Just because you move to a different country doesn’t mean you no longer have to go to the bathroom. Or eat, or do all the other mundane things that make up our lives. And there is all that practical stuff too, buying food, filling up cars with gas, parking, and for Rebecca all the strangeness of handling a new nursing job in a different country. Thankfully the human body and its diseases are the same here as everywhere else, but apparently everything else having to do with nursing has different terminology and different ways of doing things.
Some of these initial days are hard. Some days I feel good and love it here and some days it kind of gets to me: trying to figure what kind of car to buy, making it in and out of that supermarket parking lot safely, buying food somewhere and then the next day finding a place where you could have bought it for half as much, with no Internet yet at home trying to send documents, mailing a letter, figuring out what to eat, not having a washer or dryer and dirty clothes piling up, not room for everything in the tiny two room place, the cold damp little place itself we’re living in, just to drive someplace I still have to think, to concentrate, when I’m alone at night leaving the TV on just to have voices in the background like having a fire at night alone in the wilderness just to have company. I know these aren’t big problems (and I’m a bit dramatic, huh?) but some of these first days they just seem to add up. And everyone talking in a different language—I know it’s English—but some days you just feel strange, out-of-place, an outsider. Some days it’s an effort just to handle everything that’s new and different. I just want to relax.
It’s different than being on vacation. Rebecca and I were sitting down by the wharf having a beer and fish and chips. I thought, “This is truly beautiful here.” But unlike a vacation, I’m not going home. I live here now. That is both exciting and at the same time a bit scary.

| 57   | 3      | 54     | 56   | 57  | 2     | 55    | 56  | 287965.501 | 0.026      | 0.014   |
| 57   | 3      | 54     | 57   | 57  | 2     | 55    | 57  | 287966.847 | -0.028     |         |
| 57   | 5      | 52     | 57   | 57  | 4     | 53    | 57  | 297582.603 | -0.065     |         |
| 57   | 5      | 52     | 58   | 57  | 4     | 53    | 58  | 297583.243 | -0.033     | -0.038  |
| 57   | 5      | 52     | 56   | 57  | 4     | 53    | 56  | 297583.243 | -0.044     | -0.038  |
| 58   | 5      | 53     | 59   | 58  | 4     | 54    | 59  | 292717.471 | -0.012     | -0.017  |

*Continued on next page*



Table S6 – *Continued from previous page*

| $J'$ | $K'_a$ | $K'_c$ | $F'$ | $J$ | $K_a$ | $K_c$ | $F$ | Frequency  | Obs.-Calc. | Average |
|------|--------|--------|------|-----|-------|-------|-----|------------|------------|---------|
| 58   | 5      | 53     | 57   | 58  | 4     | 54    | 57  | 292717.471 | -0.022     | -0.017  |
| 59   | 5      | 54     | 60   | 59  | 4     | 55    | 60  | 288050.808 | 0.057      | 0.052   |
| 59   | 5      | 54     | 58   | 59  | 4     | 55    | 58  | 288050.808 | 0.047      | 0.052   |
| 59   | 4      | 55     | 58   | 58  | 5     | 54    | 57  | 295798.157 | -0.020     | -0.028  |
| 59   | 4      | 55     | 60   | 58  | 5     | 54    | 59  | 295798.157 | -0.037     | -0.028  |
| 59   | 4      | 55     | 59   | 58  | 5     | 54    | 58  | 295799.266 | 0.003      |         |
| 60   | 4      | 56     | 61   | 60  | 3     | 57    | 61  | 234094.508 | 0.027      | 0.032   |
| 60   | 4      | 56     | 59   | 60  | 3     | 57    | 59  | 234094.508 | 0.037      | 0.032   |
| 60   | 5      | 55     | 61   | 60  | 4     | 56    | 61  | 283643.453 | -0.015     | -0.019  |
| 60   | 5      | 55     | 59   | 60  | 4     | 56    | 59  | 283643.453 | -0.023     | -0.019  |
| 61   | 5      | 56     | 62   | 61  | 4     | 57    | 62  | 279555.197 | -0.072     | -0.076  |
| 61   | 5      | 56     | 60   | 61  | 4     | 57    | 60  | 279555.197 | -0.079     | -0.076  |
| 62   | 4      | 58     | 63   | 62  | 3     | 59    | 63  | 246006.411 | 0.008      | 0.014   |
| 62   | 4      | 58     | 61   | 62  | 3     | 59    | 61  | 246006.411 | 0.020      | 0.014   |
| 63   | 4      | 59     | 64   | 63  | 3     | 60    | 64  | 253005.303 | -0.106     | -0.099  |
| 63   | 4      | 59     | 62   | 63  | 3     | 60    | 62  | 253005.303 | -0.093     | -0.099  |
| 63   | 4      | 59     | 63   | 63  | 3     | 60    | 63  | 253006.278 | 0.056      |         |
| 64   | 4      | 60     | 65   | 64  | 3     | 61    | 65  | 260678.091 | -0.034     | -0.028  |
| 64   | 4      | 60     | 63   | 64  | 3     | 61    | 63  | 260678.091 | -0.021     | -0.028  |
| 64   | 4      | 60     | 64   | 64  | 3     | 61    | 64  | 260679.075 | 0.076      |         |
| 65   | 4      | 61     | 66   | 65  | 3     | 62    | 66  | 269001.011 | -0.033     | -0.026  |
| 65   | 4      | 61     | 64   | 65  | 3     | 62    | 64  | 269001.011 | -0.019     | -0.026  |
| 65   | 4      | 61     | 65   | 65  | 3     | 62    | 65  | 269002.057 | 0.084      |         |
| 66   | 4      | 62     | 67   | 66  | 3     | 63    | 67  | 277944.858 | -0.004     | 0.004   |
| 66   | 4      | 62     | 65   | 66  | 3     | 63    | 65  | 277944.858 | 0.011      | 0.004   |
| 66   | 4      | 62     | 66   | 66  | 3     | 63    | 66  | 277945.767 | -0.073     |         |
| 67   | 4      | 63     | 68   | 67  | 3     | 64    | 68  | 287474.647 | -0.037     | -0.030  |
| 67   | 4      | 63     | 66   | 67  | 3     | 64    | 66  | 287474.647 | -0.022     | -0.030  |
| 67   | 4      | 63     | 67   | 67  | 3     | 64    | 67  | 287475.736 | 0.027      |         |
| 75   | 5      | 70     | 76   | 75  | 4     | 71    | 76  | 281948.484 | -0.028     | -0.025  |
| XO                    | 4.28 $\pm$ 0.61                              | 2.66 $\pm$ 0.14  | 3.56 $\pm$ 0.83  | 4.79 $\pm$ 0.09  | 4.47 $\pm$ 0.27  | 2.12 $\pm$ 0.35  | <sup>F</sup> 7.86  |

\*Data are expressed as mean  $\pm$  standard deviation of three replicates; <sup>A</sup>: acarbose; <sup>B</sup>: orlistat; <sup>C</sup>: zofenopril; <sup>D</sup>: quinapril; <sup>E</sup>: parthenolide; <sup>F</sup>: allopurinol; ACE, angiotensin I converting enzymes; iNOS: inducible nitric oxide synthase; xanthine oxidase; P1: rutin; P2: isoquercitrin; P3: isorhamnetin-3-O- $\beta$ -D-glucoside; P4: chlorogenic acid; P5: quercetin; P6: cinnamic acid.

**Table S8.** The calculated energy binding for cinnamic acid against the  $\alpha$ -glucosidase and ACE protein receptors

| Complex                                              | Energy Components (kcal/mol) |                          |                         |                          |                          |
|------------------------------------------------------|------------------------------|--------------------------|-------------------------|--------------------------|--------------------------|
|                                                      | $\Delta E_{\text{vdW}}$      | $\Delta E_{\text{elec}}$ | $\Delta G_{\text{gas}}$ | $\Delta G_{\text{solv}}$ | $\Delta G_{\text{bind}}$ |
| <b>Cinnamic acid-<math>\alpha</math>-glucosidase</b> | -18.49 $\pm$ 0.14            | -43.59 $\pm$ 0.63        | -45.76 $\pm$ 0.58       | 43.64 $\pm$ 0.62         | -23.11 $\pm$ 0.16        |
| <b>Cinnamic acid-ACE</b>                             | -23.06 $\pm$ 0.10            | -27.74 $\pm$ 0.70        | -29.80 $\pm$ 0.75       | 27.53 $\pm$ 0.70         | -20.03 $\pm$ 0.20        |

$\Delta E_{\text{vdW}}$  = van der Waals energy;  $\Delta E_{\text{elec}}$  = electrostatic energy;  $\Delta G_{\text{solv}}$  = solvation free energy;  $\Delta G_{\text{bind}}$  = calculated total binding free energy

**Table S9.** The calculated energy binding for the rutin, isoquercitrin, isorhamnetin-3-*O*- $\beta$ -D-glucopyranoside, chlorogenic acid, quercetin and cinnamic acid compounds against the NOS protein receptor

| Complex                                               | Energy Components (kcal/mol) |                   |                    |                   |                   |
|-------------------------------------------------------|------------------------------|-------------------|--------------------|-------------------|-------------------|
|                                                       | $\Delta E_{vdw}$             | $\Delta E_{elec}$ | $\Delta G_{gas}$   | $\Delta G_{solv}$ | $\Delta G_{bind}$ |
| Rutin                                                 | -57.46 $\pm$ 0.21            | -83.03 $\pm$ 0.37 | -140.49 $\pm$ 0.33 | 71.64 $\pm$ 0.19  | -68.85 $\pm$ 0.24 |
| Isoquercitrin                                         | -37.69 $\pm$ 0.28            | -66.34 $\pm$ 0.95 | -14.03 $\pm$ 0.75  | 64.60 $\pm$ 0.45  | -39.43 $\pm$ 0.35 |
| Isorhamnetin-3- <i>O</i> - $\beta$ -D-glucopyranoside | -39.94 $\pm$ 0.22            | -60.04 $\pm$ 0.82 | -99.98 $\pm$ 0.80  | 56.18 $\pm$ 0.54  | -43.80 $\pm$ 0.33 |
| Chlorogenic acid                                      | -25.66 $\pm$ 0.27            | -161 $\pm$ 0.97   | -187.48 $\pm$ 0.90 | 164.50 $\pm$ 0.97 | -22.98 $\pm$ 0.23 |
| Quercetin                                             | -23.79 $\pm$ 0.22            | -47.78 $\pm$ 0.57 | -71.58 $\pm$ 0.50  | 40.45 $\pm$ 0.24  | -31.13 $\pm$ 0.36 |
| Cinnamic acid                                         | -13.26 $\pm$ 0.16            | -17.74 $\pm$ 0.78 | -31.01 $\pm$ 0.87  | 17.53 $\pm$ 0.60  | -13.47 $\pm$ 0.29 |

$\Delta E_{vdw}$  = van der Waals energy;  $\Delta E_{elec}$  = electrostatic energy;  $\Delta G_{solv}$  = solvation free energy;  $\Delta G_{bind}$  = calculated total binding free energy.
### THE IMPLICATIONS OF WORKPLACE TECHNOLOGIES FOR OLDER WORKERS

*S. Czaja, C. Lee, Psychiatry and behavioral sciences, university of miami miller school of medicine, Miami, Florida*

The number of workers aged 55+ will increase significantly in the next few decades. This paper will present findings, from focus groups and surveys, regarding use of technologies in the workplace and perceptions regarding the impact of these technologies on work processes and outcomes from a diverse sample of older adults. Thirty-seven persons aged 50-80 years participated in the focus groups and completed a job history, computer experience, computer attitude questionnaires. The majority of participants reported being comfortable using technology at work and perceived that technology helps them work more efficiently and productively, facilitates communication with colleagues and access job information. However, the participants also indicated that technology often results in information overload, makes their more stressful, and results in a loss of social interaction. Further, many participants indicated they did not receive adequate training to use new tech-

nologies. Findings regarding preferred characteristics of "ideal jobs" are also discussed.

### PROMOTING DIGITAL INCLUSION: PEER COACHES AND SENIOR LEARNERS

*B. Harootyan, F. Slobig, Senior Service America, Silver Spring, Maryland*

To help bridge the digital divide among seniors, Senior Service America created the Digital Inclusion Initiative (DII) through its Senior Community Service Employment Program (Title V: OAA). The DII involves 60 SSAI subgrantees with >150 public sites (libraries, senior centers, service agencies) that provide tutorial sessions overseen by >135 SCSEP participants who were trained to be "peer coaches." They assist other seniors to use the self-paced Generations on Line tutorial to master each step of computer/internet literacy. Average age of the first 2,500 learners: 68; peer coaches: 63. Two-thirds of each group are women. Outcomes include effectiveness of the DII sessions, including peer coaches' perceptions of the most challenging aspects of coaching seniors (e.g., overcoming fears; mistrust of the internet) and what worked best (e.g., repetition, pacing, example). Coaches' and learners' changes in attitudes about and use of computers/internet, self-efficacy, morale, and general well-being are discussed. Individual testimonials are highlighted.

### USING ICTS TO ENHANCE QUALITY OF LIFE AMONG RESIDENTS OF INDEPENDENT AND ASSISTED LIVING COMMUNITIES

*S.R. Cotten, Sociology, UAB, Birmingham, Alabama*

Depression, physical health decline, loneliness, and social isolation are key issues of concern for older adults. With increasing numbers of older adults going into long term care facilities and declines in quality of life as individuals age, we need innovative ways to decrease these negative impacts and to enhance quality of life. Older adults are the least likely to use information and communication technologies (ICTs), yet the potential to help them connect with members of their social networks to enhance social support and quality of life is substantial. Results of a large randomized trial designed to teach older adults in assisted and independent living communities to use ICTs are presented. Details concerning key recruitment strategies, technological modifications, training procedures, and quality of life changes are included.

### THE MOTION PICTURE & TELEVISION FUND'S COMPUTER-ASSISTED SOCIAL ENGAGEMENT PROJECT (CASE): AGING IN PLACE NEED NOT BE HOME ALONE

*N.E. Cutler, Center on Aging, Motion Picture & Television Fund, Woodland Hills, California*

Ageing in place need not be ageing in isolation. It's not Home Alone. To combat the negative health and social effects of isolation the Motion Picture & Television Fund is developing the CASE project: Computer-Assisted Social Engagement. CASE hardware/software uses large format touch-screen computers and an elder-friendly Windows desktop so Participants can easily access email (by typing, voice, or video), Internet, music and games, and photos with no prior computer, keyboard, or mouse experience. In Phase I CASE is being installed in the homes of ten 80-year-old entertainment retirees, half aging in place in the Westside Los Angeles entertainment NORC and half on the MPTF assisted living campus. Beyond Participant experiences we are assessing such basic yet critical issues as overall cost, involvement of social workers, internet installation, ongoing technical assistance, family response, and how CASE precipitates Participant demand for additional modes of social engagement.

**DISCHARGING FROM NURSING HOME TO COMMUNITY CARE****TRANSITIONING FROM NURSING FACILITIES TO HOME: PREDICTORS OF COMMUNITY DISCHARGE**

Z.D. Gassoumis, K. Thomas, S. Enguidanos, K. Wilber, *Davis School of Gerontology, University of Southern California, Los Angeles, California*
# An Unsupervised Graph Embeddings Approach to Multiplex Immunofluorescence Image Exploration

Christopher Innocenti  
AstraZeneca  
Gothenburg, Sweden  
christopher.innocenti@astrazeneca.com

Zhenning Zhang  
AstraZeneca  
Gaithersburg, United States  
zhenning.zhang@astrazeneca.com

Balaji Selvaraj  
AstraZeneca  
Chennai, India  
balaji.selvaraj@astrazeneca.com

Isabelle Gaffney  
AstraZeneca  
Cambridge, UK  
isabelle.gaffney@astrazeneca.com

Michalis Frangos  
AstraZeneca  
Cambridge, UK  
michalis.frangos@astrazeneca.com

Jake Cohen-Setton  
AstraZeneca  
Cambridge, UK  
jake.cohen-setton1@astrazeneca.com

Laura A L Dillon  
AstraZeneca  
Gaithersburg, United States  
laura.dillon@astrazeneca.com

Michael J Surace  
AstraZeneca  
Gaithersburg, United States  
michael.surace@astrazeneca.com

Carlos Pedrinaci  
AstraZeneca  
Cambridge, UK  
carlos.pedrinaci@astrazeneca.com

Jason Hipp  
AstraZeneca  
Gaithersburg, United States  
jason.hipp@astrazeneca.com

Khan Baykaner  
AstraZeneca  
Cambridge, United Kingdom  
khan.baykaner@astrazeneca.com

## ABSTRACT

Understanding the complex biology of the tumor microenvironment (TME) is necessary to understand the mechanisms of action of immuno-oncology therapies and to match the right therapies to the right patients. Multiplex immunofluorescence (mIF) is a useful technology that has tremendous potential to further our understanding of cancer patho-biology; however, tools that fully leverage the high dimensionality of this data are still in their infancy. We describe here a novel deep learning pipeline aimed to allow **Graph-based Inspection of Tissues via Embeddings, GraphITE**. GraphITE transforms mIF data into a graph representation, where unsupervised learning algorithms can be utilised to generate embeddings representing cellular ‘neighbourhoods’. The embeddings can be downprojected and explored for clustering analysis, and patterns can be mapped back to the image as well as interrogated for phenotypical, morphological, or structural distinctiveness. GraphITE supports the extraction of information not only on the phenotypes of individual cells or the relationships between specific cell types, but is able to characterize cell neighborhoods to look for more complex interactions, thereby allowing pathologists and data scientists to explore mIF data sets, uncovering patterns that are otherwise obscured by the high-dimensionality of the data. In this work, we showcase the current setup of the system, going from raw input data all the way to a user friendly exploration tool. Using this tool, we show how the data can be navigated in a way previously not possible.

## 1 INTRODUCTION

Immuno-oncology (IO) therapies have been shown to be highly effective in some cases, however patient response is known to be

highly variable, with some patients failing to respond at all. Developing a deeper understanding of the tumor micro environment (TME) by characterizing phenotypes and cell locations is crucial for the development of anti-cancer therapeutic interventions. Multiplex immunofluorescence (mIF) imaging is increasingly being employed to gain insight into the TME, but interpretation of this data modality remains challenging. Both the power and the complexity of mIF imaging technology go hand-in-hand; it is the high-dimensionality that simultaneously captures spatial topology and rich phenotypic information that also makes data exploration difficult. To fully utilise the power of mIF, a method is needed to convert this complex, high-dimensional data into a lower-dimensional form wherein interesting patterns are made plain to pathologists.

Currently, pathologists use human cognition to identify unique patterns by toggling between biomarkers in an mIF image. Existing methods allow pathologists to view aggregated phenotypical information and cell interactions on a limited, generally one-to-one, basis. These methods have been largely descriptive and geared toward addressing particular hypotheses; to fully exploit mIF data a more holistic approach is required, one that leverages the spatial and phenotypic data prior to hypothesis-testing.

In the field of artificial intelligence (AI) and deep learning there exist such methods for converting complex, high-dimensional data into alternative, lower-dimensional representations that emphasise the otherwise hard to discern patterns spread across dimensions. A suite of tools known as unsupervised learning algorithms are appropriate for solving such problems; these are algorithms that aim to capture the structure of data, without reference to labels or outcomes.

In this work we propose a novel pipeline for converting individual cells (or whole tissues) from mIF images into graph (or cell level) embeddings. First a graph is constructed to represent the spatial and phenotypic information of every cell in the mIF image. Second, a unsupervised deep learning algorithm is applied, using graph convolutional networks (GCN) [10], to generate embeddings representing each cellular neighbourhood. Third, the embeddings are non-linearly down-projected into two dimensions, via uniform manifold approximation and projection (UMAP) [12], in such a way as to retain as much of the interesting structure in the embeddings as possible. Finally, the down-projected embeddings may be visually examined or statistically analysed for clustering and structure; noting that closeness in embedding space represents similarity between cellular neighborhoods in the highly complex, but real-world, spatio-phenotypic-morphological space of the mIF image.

You don’t really know what a new country is like until you live there. Some people visit or have friends and family in a place before moving there. That wasn’t our lot. Whatever you thought it would be like, it’s going to be different.
People here ask us, “Why did you come here?” It’s like those same people back in the US who asked, “Why are you going there?” But sometimes Rebecca and I do look at each other and ask ourselves “Why are we here?”
Also it seems like we’ve made so many decisions so fast. Selling the house, cars and flying off. Maybe it has been a little too fast and too quick. What are running away from or what are we running towards? I sometimes wish there was one of us to punch the this-is-getting-too-crazy button. But we keep going. And being forced to make so many decisions quickly back in the States, we continue to make them quickly here too. Buy that? Okay, I’ll take it. Do this? Done. Move here? Alright. Sometimes I am not sure whether we’ll survive this or just burn up like asteroids entering the atmosphere.
But you aren’t doing anything different or new in your life if it doesn’t feel slightly uncomfortable. Or to say the same thing a different way, if you don’t feel out of sorts (as they might say here), you wouldn’t be doing anything fresh or new now, would you? And aside from having a great adventure, in the big picture of things I believe this is all good for us, our brains having to figure out and adjust to all the strangeness and different rules. Some deep secret part of me likes it that I don’t have my same routines and my same comfortableness with things. Neuronal connections are firing where they haven’t for years. New information is being processed in my brain and old memory bank vaults are being opened up and the new stuff stored there. I imagine if you did PET scans of our brains here these first few days, they would be lit up like Christmas trees with red, green, blue and yellow lights scintillating in places that had been quiescent and dark for years.